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Activist Investments By Carl Ichan Essay

2938 words - 12 pages

Hedge fund activistsrely on their ability to guide corporate decisionsin amannerthat will
unlock value at an underperforming company by alteringmanagement and strategic direction.
Shareholder activists will make sizable investments in companies with the intention of affecting this
“positive” change. There has been significant debate whether these activists are truly adding value to
corporate shareholders. However, it does seem that the negative connotation associated with the term
“activist” seems to be fading. Even the current Chairwoman of the Securities and Exchange Commission,
Mary Jo White, remarked at a conference in December 2013 that the view of shareholder activists has
progressed away from the negative association. In this paper, I will be focusing on activist investments
made by billionaire activist, Carl Icahn. Icahn has been called a “corporate raider” (particularly in the
1980s) but this moniker has seemed to evolve into “activist investor” over the last several years. His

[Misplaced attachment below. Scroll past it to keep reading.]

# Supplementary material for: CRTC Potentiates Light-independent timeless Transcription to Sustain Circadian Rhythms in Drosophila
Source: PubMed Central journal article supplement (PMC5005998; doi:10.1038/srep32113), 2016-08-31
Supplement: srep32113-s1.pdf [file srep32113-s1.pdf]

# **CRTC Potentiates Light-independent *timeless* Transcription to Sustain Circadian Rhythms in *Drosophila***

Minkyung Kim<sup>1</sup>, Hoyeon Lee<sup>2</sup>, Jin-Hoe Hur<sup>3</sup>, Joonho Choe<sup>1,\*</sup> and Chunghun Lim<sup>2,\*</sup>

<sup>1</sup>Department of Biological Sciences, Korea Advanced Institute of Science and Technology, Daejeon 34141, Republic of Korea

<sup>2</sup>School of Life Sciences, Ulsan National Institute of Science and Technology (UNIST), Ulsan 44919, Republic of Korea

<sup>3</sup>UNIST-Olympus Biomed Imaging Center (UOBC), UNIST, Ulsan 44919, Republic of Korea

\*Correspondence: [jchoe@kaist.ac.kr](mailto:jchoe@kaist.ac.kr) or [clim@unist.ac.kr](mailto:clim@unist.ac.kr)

track record is undoubtedly mixed, however, it appears that in the last ten years, his wins outnumber his
losses (33 to 19)1
and the overall returns of his activist investments have significantly outpaced the
equity markets.
Shareholder activism can trace its early roots back to the 1930s, after the stock market crash of
1929. In reaction to the crash, legislators passed new laws such as the Securities Act of 1933 and the
Securities and Exchange Act of 1934 in an attempt to protect prospective shareholders. However, the
passage of these new laws could did not completely address the changes that shareholders desired in
corporate America. As a result, shareholder activists attempted to affect change with corporate
management teams where the new laws could not reach. Early activists were unsuccessful because they
were unable to connect with and garner support of fellow shareholders, therefore giving them little or
no leverage with corporate management. Typical investors, at the time, would rather sell the securities
of a particular company rather than confront management. As technology advanced, it became much
easier to communicate with other shareholders to achieve a common interest.
In the 1980s, institutional investors become more prominent and were able to purchase
significant equity stakes in companies. Institutional investors are organizations which pool substantial
amounts of money and make investments in securities and other asset classes. The types of institutional
investors include: pension funds, state and local retirement funds, mutual funds and closed end
investment trusts, insurance companies, endowments in addition to operating companies. During the
1980s, certain institutional investors were more engaged and involved with the corporate decision
making through their equity investments. The institutional investors were able to influence
management decisions through shareholder proposals which largely would focus on...

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